Dwight D. Eisenhower photo

Memorandum of Disapproval of Bill for the Relief of Mary K. Ryan and William A. Boutwell.

August 28, 1958

I AM WITHHOLDING my approval of S. 489, "For the relief of Mary K. Ryan and William A. Boutwell."

The bill would permit the two named taxpayers to file claims for refund of overpayment of income taxes for the taxable years 1949 and 1950, .based on excludable cost-of-living allowances, notwithstanding that the statute of limitations has barred the filing of such claims.

The two taxpayers named in the bill filed joint income tax returns from Alaska for the years 1949 and 1950. On these returns the taxpayers included as income certain "territorial cost-of-living allowances". The Internal Revenue Service had ruled, in 1948, that such allowances were includible in gross income. Subsequently, however, in October 1953, the Internal Revenue Service ruled that such allowances were excludable. In late March 1954, some five months after the publication of this second ruling, one of the taxpayers named in the bill filed claims for refund for the years 1949, 1950, and 1951. Refund was granted for the year 1951, but the three-year period of limitations prescribed by the Internal Revenue code of 1939 barred refund for the years 1949 and 1950.

While it is true that, at the time the second ruling of the Internal Revenue Service was published, refund for the year 1949 already was barred by the statute of limitations, the taxpayers did have from October 1953 until March 15, 1954, in which to file a timely claim for 1950. The record on this bill affords no explanation for the delay in filing such a claim until after March 15, 1954, but it does disclose that the taxpayer who filed for the refund learned of the revised ruling in November, 1953. As for the taxable year 1949, bills introduced in the 84th and 85th Congresses would have provided general relief from the application of the statute of limitations to refunds of income tax paid on the cost-of-living allowances here in question. Such legislation, however, has never been enacted.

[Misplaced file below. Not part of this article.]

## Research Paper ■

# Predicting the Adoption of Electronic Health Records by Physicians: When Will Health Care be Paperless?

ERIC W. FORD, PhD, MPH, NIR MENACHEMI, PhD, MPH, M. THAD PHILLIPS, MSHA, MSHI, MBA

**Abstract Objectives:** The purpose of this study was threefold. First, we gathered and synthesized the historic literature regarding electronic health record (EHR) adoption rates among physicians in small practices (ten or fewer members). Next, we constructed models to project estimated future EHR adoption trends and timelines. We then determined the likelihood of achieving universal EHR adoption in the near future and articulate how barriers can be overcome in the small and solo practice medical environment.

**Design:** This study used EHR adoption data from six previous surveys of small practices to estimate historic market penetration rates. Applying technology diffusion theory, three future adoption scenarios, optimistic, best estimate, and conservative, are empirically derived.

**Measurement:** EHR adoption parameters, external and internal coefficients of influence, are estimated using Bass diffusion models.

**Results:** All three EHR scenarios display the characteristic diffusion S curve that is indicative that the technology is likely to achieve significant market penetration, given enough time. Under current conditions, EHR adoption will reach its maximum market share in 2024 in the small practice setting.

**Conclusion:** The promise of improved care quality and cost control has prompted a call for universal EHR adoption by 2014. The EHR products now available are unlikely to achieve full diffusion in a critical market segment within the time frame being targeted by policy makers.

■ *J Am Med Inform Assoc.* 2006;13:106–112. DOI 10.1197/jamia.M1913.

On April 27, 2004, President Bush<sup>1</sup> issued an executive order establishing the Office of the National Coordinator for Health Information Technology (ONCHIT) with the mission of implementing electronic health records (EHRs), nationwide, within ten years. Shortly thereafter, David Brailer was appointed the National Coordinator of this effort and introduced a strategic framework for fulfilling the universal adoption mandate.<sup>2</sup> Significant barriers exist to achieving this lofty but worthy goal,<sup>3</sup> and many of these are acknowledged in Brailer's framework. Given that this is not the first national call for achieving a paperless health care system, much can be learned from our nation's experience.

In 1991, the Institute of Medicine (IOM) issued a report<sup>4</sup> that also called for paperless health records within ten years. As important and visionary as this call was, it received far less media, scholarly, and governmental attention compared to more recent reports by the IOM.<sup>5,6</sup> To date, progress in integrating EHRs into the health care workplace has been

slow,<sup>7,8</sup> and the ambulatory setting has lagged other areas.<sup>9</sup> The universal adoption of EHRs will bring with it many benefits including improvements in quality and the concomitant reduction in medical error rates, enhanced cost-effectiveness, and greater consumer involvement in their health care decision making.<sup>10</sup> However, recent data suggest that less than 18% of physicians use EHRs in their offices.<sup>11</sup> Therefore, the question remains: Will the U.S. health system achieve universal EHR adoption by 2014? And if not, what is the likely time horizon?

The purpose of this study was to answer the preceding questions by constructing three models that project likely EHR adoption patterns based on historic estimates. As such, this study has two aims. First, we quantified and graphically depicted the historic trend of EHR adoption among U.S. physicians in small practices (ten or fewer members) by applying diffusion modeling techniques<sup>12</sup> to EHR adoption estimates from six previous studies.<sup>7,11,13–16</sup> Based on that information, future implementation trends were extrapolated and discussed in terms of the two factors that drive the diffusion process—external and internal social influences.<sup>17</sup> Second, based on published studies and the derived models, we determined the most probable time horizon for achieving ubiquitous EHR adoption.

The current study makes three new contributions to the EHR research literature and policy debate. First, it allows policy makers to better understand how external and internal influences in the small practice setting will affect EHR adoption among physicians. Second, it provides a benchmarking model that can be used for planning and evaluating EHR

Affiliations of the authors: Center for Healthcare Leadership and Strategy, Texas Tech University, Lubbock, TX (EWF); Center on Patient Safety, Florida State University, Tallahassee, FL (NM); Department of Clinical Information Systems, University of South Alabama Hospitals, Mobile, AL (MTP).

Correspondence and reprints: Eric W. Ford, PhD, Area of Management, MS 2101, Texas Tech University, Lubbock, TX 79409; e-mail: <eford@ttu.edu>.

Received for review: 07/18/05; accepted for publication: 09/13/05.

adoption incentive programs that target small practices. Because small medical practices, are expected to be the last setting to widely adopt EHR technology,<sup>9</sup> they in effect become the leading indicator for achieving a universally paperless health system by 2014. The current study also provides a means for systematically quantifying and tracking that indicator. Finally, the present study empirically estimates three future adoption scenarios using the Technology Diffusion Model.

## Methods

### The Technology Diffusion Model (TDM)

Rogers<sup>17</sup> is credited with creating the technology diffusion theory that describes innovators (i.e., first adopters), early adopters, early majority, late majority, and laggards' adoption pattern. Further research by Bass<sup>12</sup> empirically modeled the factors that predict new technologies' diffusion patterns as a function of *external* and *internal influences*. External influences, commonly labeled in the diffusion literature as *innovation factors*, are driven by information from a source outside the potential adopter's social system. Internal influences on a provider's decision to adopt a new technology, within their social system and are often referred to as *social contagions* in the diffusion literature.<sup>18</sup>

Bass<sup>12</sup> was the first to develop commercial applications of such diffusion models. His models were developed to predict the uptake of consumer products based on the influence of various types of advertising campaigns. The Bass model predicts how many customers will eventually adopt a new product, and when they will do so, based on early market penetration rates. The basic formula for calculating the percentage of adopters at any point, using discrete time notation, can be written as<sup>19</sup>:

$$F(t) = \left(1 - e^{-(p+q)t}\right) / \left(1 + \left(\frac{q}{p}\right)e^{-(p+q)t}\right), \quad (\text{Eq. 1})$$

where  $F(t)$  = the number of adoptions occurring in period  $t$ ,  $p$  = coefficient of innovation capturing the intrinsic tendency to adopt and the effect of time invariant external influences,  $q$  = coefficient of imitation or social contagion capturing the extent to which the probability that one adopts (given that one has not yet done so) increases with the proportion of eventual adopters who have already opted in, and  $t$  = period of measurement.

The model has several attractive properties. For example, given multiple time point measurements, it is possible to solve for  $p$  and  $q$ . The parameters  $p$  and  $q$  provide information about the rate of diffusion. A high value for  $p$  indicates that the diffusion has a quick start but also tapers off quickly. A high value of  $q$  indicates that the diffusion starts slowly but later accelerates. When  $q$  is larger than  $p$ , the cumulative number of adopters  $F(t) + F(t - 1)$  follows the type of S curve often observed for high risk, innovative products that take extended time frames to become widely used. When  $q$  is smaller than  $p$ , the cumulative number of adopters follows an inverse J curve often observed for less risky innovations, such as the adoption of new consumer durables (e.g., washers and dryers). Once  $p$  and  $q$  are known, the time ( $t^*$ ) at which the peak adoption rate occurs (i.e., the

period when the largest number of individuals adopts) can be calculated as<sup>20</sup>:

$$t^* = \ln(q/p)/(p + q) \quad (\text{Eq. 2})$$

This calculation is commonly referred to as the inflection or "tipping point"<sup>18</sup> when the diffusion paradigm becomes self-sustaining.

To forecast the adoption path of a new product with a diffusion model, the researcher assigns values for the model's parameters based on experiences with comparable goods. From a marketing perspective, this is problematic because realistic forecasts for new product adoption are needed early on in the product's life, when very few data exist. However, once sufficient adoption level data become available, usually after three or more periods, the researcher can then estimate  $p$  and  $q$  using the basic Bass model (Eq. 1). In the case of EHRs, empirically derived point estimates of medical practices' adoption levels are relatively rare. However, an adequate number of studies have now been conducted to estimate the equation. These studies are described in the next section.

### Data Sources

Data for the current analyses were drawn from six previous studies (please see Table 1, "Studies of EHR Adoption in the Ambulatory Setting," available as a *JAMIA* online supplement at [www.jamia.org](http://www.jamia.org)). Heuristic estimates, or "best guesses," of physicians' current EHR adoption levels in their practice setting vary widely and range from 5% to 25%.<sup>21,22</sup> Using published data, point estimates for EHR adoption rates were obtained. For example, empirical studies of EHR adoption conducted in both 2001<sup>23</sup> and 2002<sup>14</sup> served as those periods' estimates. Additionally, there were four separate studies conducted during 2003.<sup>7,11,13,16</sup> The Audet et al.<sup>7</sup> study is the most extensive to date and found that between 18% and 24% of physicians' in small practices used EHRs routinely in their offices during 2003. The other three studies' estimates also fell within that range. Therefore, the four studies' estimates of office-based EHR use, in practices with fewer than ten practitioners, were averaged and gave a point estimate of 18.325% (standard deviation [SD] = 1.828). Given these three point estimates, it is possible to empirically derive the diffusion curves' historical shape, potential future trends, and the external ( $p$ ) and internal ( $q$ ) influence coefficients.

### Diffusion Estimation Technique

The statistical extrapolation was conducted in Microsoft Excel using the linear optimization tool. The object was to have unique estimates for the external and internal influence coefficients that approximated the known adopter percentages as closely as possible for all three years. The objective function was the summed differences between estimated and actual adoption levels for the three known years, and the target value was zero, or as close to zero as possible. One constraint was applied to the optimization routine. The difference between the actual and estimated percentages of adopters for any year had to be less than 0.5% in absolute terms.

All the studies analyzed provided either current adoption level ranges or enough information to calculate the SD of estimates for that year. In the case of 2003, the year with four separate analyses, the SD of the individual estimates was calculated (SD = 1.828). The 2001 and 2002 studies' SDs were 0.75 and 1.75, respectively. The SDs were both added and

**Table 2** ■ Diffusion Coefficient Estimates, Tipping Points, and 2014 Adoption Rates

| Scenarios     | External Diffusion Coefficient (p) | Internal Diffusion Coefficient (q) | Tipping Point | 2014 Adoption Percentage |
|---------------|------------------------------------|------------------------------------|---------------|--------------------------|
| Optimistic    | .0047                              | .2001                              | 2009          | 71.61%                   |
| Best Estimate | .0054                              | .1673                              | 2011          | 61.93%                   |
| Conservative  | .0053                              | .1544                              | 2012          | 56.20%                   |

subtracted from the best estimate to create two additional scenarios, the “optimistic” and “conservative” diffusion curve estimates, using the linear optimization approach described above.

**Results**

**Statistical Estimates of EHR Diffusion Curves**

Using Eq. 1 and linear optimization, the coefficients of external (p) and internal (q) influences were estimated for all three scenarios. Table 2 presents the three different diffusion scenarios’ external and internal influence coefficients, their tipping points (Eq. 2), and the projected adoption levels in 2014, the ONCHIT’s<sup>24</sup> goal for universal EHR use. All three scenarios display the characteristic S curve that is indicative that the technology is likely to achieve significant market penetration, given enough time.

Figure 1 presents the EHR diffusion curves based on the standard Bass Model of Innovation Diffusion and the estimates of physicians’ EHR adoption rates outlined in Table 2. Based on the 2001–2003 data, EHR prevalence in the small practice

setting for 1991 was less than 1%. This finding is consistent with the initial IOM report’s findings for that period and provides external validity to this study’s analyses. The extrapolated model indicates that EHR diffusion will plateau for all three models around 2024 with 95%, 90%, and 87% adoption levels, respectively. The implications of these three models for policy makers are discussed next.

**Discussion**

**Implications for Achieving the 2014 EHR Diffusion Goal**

Congress has determined it to be sound policy to include in the revenue system a statute of limitations which, after a period of time, bars taxpayers from obtaining refunds of tax overpayments and bars the Government from collecting additional taxes. Such a provision is essential to finality in tax administration. The basic justification for a statute of limitations is that, after the passing of a reasonable period of time, witnesses may have died, records may have been destroyed or lost, and problems of proof and administration of tax claims become too burdensome and unfair for both taxpayers and the Government. The basic purposes underlying the statute of limitations continue in force even in cases where, after payment of a tax, the interpretation of the law is changed by a judicial decision or by a modification in regulations and rulings.

Several thousand taxpayers received "territorial cost-of-living allowances" during the period of the Internal Revenue Service ruling that such allowances were not excludable from gross income. This bill, by singling out two of these taxpayers for special relief from the statute of limitations, would unjustly discriminate against other taxpayers similarly situated.


Dwight D. Eisenhower, Memorandum of Disapproval of Bill for the Relief of Mary K. Ryan and William A. Boutwell. Online by Gerhard Peters and John T. Woolley, The American Presidency Project https://www.presidency.ucsb.edu/node/233915

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